Groupthink is a classic decision-making bias that can occur with groups or teams. It shows a failure to examine all the alternatives. History is littered with bad decisions from the Trojan horse, Napoleon's invasion of Russia. More recently the Deepwater Horizon disaster, Toyota's failure to recall cars with brake issues, VW's emissions sandal.
Corporate Boards, Parliaments, Global Gatherings like the Economic Forum in Davos, Switzerland, are all built on a simple theory of problem-solving.
Get enough smart and powerful people in a room and they will figure it out. They may be misguided.
The very traits that compel people toward leadership roles can be obstacles when it comes to collaboration.
The result, according to a recent study by a well-known business school in the US, is that high-powered individuals working in a group can be less creative and effective than lower ranked teams.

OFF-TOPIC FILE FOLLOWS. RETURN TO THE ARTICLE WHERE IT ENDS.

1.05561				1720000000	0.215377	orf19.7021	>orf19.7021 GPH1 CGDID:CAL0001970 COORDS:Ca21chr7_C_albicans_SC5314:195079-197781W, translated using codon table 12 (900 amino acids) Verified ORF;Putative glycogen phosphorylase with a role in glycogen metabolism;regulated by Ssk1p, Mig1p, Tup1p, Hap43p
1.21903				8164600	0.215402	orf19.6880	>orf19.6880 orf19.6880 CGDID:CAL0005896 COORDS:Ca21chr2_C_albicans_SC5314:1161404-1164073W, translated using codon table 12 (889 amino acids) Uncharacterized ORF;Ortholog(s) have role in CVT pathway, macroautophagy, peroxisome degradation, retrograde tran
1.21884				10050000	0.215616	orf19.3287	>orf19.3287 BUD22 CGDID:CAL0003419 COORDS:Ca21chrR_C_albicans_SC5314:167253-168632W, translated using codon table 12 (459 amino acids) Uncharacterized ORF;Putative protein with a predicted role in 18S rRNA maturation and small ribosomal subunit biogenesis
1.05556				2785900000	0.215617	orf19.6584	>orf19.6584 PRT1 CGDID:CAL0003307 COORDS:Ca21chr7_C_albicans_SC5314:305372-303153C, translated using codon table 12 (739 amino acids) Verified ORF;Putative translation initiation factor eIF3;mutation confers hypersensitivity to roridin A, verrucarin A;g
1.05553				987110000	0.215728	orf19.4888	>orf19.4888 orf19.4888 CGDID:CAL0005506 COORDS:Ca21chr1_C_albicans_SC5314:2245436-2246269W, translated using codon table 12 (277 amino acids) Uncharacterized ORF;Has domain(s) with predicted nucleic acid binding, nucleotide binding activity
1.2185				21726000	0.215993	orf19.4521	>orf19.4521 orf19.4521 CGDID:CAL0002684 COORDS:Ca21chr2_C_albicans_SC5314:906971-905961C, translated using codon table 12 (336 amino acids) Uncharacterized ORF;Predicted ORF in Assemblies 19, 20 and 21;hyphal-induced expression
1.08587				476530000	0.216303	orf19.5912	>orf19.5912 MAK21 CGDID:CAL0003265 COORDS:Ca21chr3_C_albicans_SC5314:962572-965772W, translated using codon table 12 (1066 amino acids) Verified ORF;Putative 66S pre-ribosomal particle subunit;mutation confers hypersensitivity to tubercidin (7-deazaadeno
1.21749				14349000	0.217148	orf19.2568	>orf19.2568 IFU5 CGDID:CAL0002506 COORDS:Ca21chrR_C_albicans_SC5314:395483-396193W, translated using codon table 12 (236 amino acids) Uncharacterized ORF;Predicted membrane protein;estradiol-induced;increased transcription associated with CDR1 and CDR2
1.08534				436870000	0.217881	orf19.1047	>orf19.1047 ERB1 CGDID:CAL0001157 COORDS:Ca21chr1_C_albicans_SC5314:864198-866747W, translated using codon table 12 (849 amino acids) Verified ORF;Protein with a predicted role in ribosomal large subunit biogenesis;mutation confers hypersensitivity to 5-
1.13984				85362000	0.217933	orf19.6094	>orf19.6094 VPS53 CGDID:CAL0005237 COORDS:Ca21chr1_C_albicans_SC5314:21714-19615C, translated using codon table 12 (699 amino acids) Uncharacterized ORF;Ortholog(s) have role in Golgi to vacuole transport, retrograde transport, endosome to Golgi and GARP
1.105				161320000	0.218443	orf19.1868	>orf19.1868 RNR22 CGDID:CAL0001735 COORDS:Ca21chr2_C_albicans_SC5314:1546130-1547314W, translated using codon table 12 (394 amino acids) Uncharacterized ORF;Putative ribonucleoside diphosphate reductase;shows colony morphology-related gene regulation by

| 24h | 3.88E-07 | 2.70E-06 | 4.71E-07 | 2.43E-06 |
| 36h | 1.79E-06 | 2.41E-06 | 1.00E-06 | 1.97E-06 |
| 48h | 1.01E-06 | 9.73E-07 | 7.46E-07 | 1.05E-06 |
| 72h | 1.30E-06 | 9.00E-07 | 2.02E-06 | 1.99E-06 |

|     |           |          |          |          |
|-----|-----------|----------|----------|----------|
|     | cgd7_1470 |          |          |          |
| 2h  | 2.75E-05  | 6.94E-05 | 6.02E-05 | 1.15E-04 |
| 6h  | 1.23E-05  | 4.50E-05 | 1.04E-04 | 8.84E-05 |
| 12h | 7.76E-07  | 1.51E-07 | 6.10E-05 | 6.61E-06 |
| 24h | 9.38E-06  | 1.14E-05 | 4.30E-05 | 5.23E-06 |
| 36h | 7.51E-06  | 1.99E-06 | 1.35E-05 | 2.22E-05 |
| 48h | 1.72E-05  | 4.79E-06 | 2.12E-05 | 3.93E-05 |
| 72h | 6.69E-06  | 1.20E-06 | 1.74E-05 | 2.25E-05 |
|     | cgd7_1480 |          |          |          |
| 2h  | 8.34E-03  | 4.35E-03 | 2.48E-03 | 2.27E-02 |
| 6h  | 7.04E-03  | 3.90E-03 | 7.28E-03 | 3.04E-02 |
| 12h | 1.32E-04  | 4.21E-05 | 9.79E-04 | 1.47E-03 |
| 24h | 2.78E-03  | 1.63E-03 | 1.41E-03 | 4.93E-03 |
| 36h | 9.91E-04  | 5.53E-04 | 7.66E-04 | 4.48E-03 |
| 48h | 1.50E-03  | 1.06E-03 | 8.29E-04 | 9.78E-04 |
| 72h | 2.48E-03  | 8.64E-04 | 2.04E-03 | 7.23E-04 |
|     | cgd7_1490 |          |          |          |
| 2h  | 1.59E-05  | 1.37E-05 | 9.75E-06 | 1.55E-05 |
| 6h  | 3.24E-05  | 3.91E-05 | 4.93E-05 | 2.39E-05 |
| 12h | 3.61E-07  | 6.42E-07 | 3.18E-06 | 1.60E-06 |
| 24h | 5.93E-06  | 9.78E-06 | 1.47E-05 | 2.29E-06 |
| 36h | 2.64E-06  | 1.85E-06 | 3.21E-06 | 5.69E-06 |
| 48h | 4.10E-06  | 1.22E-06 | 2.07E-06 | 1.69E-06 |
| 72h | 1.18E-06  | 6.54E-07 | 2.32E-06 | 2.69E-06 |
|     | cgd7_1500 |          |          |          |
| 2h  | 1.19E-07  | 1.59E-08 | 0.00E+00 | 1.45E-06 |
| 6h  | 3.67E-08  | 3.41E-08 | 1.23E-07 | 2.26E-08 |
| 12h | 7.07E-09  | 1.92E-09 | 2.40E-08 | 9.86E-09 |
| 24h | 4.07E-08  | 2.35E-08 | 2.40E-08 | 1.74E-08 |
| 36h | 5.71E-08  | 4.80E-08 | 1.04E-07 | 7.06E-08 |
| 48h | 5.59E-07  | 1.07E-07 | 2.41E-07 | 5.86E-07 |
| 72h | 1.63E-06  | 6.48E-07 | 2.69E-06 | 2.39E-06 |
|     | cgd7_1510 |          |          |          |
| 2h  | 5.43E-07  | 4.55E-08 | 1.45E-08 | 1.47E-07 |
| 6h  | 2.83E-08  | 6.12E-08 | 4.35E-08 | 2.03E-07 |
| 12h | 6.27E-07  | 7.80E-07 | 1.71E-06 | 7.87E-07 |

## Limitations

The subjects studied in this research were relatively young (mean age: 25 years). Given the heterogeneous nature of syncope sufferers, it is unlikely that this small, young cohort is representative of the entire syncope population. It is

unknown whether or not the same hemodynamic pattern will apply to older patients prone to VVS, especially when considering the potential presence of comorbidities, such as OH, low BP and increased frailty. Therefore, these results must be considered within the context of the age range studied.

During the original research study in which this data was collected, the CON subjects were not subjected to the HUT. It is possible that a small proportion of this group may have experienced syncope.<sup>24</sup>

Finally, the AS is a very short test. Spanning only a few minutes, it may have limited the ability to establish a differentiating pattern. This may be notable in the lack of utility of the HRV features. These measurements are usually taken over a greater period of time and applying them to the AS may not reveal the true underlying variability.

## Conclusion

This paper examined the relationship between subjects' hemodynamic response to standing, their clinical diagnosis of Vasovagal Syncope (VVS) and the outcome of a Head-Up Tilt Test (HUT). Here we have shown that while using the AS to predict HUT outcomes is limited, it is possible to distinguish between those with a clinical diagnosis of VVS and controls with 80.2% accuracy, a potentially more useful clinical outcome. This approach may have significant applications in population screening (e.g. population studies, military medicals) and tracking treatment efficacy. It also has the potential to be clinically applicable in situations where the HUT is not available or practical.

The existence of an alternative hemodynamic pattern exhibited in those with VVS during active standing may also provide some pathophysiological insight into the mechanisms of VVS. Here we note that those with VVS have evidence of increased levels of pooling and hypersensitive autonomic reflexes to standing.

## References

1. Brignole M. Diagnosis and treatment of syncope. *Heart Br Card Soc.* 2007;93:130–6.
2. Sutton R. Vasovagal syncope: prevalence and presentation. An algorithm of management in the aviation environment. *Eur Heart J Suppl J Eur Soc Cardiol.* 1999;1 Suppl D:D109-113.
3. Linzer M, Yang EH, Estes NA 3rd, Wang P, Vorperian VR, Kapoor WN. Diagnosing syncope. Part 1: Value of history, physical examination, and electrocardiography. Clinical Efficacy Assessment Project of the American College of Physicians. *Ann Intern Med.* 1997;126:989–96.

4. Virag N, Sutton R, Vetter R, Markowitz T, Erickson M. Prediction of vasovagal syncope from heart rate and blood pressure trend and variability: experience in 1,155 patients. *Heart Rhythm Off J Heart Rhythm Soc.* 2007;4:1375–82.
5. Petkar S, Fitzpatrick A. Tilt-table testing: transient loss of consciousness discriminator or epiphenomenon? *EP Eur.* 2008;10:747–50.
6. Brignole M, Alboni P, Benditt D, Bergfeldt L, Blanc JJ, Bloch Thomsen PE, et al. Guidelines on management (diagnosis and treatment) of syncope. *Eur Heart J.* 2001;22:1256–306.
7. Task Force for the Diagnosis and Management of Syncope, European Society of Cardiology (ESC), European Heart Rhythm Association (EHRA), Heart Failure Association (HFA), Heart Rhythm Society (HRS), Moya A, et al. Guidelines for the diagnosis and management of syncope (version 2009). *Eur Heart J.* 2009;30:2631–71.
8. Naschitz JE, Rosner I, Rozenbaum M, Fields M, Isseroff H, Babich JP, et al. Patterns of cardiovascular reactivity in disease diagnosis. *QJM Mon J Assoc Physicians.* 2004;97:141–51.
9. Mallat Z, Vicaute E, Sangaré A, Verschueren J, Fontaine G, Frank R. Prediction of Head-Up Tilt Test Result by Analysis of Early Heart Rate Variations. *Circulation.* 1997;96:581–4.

The higher the concentration of high-ranking executives - the more a group struggle to complete the task.
The research found that they competed for status, were less focused on the assignment and tended to share less information with each other.
Power can be both an obstacle and a motivator when it comes to performance.
Here is a good example of a bureaucratic body suffering from Groupthink.
The report said the whole approach to the eurozone was characterised by “groupthink” and intellectual capture. They had no fall-back plans on how to tackle a systemic crisis in the eurozone – or how to deal with the politics of a multinational currency union – because they had ruled out any possibility that it could happen.